The enigmatic and dynamic cult artist Mitski just released her sixth studio album, Laurel Hell. The Japanese American genre-bending singer-songwriter currently residing in Tennessee has a style that is difficult to pin down, with her often switching from unplugged to synth-pop to distorted punk rock within a single album. The most common elements underpinning her music are her poetic lyrics, buttery voice, impressive range, and melancholy. Her discography is often referred to as “sad girl music,” but Mitski herself rejects the term, calling it “reductive and tired” in a recent interview.
Laurel Hell has a more consistent sound than any of her previous work, each track backed with deep, smooth, and powerful synths. Both the lyrics and instrumentals consistently evoke feelings of melancholic nostalgia. Lyrically, Mitski is a powerhouse as always, artfully articulating her obscure sorrows in both sensual and abstract ways.
The track “Valentine, Texas” begins the album with an ominous, echoey synth soon joined by dark lyrics about introspection, a scary inner self, and the blurred line between acting like who you are and becoming who you are through your actions. The second half of the track picks up in energy, bringing in drums, violins, piano, and some magical-sounding keyboards.
The song sounds steady, industrious, and inspiring, but it has a deep twinge of depression. In the second and final verse, Mitski sings about driving to Valentine, Texas. There, she wistfully hopes that her problems will leave her as if they are the present mountainous scenery floating away like clouds. The sad irony being that mountains will never float away.
“Working for the Knife” is another beautifully worded track, this one about feeling uninventive and held down by her brand of sadness, worried that she will forever procrastinate a change in style or mindset. In a Kate Bushian fashion, the singer’s smooth voice is backed by a manic and overwhelming, yet somehow peaceful, amalgamation of different kinds of guitars and keyboards and what sounds like an anvil pounding in rhythm. Between the verses, the song fittingly features a recurring motif of a synthetic horn that sounds beautiful but like it is crying out for help.
“Heat Lightning” is a slow, melancholic track about helplessness that begins with a steady, echoey, marching rhythm that eventually evolves into a fuller, more sentimental and loving sound. The instrumentals nicely accompany a lyrical shift as Mitski laments her insomnia-born anxiety in the first verse, going on to indulge in it and make the most of the new perspective brought on by intense sleepiness. Like most of the album’s tracks, the instruments are carefully crafted to create a perfect picture of the song’s subject.
Despite a somber topic, “The Only Heartbreaker” is a fast-paced danceable bop. The lyrics, though there are few, follow Mitski in a crumbling relationship, where she feels solely responsible for its problems. Her partner is unproblematic and forgiving of her mistakes but fails to adequately address her problems and make the relationship work. The lyrics and voice subtly express sarcasm and frustration as a result of constantly taking the blame. She can accept the “bad guy” label, but she knows there is a reason she acted however she did.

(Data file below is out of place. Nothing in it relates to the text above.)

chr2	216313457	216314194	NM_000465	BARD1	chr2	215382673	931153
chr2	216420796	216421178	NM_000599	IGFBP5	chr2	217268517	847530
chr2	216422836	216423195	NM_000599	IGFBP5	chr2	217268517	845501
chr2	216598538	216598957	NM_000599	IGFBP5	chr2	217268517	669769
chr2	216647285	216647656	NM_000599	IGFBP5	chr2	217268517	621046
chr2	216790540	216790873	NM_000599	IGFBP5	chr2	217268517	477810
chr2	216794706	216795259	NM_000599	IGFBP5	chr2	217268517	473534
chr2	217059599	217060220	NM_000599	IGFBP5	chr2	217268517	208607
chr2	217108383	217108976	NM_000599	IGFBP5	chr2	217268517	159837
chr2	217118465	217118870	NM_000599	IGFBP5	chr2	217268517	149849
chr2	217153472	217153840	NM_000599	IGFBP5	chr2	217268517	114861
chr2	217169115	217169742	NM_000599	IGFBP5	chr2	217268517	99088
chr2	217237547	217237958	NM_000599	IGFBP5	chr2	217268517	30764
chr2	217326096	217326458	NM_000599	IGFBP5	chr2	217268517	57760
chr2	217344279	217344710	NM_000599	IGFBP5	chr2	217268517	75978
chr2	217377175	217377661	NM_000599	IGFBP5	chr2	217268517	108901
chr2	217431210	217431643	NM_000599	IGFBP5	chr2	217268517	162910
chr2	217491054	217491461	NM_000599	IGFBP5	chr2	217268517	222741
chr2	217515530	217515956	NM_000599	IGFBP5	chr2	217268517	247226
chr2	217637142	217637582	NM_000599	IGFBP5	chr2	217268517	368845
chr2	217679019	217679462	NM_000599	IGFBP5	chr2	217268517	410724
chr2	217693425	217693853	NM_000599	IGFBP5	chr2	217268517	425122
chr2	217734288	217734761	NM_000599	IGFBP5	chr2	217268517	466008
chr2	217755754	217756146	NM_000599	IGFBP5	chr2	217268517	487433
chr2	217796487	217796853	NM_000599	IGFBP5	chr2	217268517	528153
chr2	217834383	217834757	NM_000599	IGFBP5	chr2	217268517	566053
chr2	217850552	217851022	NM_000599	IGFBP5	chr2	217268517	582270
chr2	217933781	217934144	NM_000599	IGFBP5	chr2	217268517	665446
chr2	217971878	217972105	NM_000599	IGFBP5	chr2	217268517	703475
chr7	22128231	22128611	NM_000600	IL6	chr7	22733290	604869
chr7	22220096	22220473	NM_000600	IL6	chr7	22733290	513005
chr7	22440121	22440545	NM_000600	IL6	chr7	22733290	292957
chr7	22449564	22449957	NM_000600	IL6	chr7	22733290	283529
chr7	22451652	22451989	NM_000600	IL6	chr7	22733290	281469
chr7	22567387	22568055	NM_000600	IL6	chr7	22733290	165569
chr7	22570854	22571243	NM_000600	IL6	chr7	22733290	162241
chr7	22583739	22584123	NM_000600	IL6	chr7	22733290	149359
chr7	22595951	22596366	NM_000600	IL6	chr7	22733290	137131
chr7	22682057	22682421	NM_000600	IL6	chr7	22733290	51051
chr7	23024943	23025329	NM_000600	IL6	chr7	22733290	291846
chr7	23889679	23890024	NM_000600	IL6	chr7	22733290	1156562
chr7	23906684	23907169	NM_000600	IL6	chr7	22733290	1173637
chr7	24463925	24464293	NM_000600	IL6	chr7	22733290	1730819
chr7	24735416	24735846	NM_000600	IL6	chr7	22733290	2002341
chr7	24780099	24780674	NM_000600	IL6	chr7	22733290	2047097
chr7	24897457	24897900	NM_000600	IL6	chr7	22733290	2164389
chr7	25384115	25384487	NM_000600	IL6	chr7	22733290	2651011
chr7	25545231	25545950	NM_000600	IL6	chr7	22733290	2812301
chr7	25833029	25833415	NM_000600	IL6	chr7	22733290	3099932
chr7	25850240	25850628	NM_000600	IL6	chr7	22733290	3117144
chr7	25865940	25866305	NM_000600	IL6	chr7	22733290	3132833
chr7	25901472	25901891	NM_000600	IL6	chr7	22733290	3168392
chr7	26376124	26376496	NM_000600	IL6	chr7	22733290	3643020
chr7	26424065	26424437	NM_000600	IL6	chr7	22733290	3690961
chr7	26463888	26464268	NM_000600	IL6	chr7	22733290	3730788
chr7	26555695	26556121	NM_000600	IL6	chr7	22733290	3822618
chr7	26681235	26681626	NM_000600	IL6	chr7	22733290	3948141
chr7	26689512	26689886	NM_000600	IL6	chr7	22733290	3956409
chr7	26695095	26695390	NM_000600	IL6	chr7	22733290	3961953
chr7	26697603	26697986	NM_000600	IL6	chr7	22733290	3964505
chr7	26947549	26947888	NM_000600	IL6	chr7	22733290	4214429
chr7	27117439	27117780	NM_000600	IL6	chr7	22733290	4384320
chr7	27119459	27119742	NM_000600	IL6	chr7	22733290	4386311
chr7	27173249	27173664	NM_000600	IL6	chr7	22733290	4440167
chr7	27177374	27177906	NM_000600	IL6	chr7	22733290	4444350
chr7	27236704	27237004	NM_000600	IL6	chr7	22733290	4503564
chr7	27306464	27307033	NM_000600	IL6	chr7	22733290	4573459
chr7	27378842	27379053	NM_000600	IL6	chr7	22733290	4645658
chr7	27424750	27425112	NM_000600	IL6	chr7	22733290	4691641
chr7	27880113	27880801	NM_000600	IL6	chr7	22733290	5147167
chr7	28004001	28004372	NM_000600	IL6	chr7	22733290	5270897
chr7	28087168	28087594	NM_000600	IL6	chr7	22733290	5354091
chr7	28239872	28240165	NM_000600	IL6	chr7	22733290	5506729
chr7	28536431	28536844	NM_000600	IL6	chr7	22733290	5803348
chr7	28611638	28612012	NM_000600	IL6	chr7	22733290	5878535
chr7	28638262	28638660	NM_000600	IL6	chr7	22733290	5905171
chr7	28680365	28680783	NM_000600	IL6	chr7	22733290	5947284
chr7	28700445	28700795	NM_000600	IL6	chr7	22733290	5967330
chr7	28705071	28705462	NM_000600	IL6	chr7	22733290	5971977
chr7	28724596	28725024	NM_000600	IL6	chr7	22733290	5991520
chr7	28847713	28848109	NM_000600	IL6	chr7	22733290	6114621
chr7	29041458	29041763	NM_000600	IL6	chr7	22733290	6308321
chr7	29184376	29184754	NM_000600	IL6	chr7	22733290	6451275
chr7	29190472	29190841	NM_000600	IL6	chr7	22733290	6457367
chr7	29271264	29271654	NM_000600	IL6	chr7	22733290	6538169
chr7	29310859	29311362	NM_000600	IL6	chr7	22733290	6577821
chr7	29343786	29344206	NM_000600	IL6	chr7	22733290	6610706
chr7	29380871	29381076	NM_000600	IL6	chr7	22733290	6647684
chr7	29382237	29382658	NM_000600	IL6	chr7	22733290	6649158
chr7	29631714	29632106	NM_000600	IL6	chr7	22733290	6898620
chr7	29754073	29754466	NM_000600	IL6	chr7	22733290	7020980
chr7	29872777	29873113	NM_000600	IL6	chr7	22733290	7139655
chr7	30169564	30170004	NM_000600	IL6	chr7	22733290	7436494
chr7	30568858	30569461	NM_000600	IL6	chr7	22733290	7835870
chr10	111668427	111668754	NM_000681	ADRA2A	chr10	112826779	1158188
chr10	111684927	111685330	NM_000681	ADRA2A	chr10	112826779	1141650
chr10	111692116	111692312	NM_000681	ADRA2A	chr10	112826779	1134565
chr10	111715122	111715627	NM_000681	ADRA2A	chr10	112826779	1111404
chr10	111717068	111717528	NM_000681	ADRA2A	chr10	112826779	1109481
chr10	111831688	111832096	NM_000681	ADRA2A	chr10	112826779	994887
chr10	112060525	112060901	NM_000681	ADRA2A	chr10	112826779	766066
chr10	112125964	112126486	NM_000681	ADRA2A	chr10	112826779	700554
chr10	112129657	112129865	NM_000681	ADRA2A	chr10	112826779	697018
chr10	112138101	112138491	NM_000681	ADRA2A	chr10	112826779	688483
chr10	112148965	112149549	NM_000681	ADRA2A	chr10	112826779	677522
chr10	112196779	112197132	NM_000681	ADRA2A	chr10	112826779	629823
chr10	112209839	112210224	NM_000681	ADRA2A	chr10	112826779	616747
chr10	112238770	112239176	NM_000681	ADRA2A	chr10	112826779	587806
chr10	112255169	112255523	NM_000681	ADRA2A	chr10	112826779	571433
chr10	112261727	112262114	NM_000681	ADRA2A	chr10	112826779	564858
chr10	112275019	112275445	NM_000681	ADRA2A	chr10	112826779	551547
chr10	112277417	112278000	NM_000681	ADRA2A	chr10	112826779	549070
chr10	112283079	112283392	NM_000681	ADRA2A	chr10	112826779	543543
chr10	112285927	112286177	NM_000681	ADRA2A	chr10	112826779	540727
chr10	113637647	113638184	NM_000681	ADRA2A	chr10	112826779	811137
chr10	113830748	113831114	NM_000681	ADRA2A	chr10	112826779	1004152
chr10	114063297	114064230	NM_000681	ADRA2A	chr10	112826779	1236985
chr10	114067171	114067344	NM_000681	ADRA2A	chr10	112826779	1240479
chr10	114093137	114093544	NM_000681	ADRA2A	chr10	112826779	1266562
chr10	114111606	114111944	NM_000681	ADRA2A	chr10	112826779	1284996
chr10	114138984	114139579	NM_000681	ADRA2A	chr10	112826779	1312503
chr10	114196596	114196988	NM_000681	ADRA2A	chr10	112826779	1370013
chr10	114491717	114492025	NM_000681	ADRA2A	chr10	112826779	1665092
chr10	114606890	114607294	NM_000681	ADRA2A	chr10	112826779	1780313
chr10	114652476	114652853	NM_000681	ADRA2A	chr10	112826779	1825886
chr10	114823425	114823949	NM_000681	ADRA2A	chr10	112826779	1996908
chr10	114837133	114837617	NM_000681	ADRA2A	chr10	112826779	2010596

Though it may be her most consistent record, Laurel Hill has a few misses. “Everyone” was close to yet far from greatness, with Mitski deciding to have a single, annoying buzzing sound constantly playing in the background and a dippy percussion loop that sounds like a pre-set drum beat on a cheap electric keyboard. In the extremely slowly-moving “I Guess,” Mitski sings with a slightly raspy, distorted, droning voice that grates against the ears.
On the other hand, most of the songs were great. “Love Me More,” “Should’ve Been Me,” and “That’s Our Lamp” are all groovy, bouncy bangers with creative instrumentation and lyrics laden with vivid imagery. Even if some tracks have a less immediately enjoyable sound, Mitski is a brilliant songwriter who would have made an amazing poet had she not been musically talented. One would be hard pressed to find any weak lyrics on this project. This quirky, cowboy-inspired, synth-heavy indie rock album with a sad girl smack marks a pleasant first time for Mitski to stick to a single sound for a whole album.
Though nothing is quite like Mitski, here are a few suggestions for listeners who want to listen to an album with common elements. Leading anti-folk band The Mountain Goats’ The Sunset Tree features songs with beautiful storytelling and imagery to which Mitski fans are accustomed. Hounds of Love by Kate Bush also features storytelling and is layered over danceable, creative instrumentation. I would also recommend anything by Orville Peck, a country artist who shares a distinct sound of echoey, melancholic, old western retro-futurism.